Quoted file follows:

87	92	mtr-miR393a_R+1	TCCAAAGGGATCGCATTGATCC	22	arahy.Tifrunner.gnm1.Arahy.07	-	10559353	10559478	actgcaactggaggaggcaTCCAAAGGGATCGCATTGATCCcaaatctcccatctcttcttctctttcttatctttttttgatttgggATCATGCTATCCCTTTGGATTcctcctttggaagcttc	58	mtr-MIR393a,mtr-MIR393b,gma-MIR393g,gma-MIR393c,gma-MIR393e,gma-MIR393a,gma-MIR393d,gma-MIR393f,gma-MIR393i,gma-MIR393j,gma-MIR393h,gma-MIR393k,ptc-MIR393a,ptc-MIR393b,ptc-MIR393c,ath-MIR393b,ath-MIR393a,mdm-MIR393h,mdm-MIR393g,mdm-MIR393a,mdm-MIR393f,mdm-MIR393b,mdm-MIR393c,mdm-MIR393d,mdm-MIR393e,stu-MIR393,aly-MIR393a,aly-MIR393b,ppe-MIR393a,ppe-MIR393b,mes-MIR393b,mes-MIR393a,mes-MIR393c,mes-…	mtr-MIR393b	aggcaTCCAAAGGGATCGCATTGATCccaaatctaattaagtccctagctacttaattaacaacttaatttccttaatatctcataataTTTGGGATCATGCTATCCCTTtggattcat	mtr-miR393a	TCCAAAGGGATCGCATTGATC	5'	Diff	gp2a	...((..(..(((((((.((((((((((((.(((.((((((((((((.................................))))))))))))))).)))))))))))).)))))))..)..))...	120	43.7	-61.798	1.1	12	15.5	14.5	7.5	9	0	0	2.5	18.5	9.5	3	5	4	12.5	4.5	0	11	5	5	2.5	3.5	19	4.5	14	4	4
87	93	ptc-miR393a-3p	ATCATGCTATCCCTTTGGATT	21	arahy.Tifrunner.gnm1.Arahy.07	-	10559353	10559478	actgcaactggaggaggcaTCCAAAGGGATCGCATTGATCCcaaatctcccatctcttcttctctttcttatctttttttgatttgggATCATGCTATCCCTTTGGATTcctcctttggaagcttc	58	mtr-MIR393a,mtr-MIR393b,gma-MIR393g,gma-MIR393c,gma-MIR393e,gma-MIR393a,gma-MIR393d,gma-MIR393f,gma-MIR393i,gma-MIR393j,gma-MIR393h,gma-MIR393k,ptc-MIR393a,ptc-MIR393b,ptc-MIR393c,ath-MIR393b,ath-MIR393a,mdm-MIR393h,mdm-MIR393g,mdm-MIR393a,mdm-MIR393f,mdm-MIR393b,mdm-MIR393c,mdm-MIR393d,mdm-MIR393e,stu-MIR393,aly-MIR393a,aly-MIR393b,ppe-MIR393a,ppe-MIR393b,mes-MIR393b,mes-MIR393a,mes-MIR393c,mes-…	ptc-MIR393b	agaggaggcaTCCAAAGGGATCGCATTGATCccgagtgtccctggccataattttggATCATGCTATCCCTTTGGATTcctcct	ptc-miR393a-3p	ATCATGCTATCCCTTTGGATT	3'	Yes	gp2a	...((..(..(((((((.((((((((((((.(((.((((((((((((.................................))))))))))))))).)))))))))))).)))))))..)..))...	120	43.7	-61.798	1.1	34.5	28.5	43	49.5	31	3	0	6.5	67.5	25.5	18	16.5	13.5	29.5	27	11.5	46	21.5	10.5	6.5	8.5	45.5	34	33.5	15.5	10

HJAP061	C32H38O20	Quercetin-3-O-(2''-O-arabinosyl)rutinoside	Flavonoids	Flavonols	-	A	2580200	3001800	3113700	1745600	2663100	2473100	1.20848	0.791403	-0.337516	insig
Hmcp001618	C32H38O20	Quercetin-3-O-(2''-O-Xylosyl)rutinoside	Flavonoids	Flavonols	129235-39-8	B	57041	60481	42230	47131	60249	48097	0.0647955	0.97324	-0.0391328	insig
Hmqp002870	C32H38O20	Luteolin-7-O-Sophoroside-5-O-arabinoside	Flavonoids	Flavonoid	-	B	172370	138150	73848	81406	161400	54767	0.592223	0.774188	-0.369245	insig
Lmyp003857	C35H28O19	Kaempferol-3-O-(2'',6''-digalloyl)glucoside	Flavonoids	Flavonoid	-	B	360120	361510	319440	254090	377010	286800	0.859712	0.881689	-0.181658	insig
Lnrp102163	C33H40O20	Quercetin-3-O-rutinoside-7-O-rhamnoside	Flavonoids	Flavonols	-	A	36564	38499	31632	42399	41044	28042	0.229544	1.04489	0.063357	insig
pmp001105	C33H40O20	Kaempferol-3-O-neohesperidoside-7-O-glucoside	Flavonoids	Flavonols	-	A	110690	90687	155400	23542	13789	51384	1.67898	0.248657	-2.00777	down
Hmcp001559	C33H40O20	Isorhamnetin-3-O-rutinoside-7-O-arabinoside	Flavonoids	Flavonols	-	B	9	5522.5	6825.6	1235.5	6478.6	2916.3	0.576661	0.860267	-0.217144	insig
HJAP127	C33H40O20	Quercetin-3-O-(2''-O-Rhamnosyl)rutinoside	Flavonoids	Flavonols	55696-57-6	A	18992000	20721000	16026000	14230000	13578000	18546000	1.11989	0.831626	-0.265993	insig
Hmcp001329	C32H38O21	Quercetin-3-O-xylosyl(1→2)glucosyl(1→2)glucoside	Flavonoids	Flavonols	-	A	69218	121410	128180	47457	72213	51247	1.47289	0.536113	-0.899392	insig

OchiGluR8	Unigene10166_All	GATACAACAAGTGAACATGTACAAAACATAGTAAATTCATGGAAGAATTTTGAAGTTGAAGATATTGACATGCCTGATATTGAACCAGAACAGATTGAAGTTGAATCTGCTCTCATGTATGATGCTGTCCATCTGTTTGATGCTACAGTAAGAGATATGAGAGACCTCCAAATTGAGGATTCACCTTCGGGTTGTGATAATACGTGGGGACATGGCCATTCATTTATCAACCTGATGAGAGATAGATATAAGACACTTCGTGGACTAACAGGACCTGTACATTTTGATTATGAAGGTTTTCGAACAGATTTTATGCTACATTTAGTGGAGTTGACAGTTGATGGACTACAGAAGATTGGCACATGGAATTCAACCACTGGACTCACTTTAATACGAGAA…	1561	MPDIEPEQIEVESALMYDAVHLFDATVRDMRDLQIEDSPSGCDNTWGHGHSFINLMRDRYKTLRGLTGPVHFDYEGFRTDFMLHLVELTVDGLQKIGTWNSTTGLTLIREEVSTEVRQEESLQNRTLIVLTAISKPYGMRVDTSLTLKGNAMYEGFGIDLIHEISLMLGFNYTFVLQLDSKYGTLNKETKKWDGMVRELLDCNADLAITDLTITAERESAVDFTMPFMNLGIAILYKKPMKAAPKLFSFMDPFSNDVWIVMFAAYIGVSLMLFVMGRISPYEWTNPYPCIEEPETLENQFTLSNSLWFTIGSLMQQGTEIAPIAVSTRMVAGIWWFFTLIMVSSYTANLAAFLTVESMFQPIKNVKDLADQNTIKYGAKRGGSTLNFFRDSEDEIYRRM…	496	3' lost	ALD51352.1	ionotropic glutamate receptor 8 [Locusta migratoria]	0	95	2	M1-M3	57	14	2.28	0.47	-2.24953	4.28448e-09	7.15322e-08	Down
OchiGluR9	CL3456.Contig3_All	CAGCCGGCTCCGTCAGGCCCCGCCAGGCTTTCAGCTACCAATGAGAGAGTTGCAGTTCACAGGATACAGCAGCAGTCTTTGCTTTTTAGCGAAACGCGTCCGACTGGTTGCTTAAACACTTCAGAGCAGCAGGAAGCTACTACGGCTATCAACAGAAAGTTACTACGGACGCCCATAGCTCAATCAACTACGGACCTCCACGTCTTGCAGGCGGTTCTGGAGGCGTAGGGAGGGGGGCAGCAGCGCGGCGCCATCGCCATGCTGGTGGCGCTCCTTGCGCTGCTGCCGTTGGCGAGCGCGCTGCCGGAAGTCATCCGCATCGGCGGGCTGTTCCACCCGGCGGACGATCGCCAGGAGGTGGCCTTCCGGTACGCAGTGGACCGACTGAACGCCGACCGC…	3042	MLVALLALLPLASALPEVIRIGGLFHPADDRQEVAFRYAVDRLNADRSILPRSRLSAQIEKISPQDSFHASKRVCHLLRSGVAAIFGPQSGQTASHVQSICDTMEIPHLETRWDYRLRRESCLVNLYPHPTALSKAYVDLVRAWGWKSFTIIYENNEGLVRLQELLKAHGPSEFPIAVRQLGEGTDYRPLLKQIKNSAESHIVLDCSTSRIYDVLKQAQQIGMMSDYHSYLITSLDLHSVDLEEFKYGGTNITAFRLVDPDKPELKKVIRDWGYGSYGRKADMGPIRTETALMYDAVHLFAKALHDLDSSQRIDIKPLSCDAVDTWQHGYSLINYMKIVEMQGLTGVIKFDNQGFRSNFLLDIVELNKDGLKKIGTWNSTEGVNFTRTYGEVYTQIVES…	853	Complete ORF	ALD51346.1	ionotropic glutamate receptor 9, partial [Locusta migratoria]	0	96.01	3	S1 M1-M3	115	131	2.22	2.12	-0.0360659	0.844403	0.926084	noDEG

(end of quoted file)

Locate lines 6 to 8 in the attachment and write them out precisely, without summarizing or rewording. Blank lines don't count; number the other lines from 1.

Lmyp003857	C35H28O19	Kaempferol-3-O-(2'',6''-digalloyl)glucoside	Flavonoids	Flavonoid	-	B	360120	361510	319440	254090	377010	286800	0.859712	0.881689	-0.181658	insig
Lnrp102163	C33H40O20	Quercetin-3-O-rutinoside-7-O-rhamnoside	Flavonoids	Flavonols	-	A	36564	38499	31632	42399	41044	28042	0.229544	1.04489	0.063357	insig
pmp001105	C33H40O20	Kaempferol-3-O-neohesperidoside-7-O-glucoside	Flavonoids	Flavonols	-	A	110690	90687	155400	23542	13789	51384	1.67898	0.248657	-2.00777	down